Gary HeuselGary Heusel (4-H) has been chosen by the National 4-H Council as one of 15 awardees for the 2011–2012 Walmart Youth Voice: Youth Choice Grant. Youth Voice, Youth Choice “encourages youth to take action around three healthy living priorities—nutrition, physical fitness, and safety” says the national 4-H Web site. Program leaders use these grants, funded by the Walmart Foundation, to institute local programs, including camps, workshops, and other interactive activities, that help kids lead healthier and more active lives. Each program reaches at least 500 youth and their families. Gary’s commitment to strengthening 4-H in Hawai‘i will be supported by the $50,000 grant—and the keiki will be the real winners.

Spotlight on Our Community

Putting the “T” in CTAHR

CTAHR T-shirts modeled by CTAHR student workersCTAHR’s Academic and Student Affairs Office needed a fresh new “uniform” for its Scholarship Recipients and Student Ambassadors and called upon the Office of Communication Services to design it. The new design, which sports the familiar CTAHR petroglyph, was so well received that OCS decided to increase the order and sell the shirts to others who want to show their CTAHR pride. The shirts are $10 and can be purchased from Gilmore 119. Off-campus friends can download an order form here. Purists don't need to worry—the embroidered CTAHR polo shirts are still available as well.

Collaboration in Albania

PingSun LeungThe Albania-Hawaii Higher Education and Economics Development (AHEED) project headed by Catherine Chan-Halbrendt (NREM) has sent 6 professors over the past 3 years from UH to Albania to strengthen the agricultural economics education and outreach program of the Agricultural University of Tirana (AUT). However, the time, effort, and expense of traveling to Albania limits the number of classes that can be taught and the UH faculty who can teach them. In order to enhance its ability to empower AUT’s faculty to conduct policy research with the most current tools available, the AHEED project recently taught its first class via Blackboard Collaborate. The use of this cutting-edge technology allowed PingSun Leung (NREM, pictured) to teach “Topics in Quantitative Methods for Agricultural Economics Research” in a virtual online classroom from his office at UH while students in Albania followed along on an interactive, real-time platform. Eight AUT faculty members and six students participated in the course. Overall, participants found the class and the new techniques it taught to be a highly valuable experience. Attendees will use the methods learned to develop new agricultural economics research in the next year. Some attendees were even able to follow the course online from their homes, and all have expressed their interest in having more courses like this in the future.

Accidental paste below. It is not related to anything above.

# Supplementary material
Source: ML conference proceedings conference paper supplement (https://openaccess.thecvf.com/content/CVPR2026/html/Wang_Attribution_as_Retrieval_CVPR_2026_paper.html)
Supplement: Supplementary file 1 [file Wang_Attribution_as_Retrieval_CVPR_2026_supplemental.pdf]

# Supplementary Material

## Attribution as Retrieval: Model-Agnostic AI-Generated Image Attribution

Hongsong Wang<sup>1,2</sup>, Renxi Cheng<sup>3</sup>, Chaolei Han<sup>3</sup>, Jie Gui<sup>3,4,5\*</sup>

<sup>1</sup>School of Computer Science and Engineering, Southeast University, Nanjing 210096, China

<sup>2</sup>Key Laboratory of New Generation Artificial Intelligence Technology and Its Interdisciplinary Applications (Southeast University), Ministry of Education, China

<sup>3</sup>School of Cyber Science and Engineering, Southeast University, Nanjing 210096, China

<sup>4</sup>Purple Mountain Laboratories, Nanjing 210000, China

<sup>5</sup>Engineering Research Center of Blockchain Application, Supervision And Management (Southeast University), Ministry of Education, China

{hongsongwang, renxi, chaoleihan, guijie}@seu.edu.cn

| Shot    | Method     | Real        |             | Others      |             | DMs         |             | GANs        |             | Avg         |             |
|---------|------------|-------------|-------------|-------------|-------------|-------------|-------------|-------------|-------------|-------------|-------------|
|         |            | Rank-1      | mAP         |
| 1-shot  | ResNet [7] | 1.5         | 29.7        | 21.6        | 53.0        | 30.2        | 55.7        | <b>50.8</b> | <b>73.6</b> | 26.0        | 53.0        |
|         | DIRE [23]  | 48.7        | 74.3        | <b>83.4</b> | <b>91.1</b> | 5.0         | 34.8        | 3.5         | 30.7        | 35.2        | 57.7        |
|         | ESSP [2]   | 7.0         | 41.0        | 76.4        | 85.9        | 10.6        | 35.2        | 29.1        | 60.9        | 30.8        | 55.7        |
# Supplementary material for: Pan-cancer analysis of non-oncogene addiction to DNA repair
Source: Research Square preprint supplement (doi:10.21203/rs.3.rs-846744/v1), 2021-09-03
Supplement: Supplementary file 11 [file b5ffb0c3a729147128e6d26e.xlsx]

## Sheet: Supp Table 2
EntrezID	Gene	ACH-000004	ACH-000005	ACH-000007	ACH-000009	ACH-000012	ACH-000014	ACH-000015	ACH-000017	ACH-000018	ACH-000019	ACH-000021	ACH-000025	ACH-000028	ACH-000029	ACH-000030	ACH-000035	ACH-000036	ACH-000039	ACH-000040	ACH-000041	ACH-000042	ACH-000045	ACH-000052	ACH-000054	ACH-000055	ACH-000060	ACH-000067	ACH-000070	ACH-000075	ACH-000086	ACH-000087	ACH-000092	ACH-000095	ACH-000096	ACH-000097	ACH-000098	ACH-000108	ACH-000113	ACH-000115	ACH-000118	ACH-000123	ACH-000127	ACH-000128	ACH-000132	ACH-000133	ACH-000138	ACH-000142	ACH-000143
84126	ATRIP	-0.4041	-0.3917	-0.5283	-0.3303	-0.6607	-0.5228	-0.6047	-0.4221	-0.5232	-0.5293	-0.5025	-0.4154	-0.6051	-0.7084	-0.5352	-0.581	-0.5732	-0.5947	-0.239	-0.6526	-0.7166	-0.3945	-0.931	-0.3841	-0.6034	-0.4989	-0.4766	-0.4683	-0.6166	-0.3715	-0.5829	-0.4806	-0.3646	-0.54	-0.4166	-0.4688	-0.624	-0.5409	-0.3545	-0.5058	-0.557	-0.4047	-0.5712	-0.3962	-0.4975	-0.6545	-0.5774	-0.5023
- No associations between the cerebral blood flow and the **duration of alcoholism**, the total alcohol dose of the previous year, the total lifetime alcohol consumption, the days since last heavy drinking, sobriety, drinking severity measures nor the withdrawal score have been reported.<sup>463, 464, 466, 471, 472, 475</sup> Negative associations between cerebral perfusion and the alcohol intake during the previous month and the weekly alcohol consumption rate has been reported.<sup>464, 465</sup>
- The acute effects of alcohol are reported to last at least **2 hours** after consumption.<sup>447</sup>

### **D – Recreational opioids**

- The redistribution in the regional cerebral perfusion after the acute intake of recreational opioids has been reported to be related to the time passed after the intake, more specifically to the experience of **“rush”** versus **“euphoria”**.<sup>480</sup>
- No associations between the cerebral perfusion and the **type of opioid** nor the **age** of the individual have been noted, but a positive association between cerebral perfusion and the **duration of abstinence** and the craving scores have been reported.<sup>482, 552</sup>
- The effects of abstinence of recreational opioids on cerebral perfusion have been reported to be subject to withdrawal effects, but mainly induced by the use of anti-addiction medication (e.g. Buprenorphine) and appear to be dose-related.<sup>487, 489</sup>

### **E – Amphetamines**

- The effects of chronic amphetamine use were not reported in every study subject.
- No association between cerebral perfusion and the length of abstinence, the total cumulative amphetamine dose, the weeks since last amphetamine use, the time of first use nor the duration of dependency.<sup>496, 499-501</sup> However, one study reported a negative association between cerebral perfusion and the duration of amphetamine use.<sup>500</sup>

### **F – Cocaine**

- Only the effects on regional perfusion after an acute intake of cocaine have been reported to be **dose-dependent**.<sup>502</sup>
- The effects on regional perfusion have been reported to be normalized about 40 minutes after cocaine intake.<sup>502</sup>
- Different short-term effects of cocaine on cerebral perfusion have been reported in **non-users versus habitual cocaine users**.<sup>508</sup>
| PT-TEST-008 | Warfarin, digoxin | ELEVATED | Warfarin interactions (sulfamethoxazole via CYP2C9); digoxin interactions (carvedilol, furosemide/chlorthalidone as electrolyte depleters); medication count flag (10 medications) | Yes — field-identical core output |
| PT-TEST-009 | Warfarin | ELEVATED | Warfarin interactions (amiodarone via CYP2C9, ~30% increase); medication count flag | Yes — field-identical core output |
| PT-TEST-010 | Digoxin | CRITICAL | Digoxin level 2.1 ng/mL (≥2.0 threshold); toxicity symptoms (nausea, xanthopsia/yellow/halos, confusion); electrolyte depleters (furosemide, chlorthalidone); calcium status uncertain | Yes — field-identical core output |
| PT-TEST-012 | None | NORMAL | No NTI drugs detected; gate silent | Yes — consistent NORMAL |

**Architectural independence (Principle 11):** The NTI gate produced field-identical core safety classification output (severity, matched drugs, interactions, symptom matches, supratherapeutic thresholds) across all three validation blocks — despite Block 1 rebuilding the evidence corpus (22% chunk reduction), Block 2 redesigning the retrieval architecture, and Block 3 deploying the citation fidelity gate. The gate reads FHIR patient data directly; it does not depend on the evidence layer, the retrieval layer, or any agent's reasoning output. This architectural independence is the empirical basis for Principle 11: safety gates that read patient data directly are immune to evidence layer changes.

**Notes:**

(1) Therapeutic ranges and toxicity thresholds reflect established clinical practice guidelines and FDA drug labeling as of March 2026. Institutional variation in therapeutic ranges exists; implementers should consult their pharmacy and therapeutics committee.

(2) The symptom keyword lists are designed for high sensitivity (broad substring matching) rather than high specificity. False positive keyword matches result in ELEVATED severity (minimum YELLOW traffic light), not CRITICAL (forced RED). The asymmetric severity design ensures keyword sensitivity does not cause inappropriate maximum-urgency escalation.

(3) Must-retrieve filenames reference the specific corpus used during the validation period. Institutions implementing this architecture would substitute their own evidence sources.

Animal Planet, Local-Style

Jeffrey Milisen milking cone snail venomJon-Paul Bingham shares the spotlight with the graduate students working in his laboratory in a recently aired segment on OC16’s ThinkTech discussing his work with venomous cone snails. Clifford Kapono is studying the peptides in snail toxins, while M.S. candidate Zan Halford is researching how to replicate the natural compounds in the laboratory. Jeffrey Milisen (pictured), another of Jon-Paul’s research assistants, is shown in an exciting sequence involving milking the venom from the snails: He teases the snails with a pinioned fish until one shoots out its toxic harpoon, whereupon he catches it in a collecting tube, snipping off the dart and preserving it and its load of poison for further study. He tells the interviewer that no one in Hawai'i has been killed by the cone snail...yet. But it’s still pretty dramatic...as are the potential benefits of Jon-Paul’s study of these fascinating but deadly creatures.

Downright Neighborly

Tessie Amore giving tour of Magoon LabsTessie Amore (pictured) showed off CTAHR’s newly renovated greenhouses and her research at the Magoon Research and Instructional Facility to visitors from the Manoa Acres Residents Association. The close-knit group is comprised of about 100 families living near the CTAHR facility. About 15 “neighbors” attended the tour arranged by Joe DeFrank (TPSS). Joe and Craig Okazaki also introduced the Magoon visitors to Joe’s Hawaiian Rules Bocce Ball. Joe is quickly approaching rock star status with the senior citizens of the neighborhood, having organized a similar tour last year for the Hui O Manoa Seniors organization. As one of the visitors exclaimed, “This tour taught us a great deal about the plants and soils of Hawai‘i and the importance of the research being conducted at your facility.”

Help our community to keep in touch! Please send news items -- awards, grants, special projects, special people -- and pictures to Frederika Bain at ctahrnotes@ctahr.hawaii.edu.

Do you have an upcoming event that you'd like to promote? CTAHR faculty and staff can post events to the CTAHR website's calendar.

All CTAHR Notes readers can browse the calendar to learn more about the college's activities.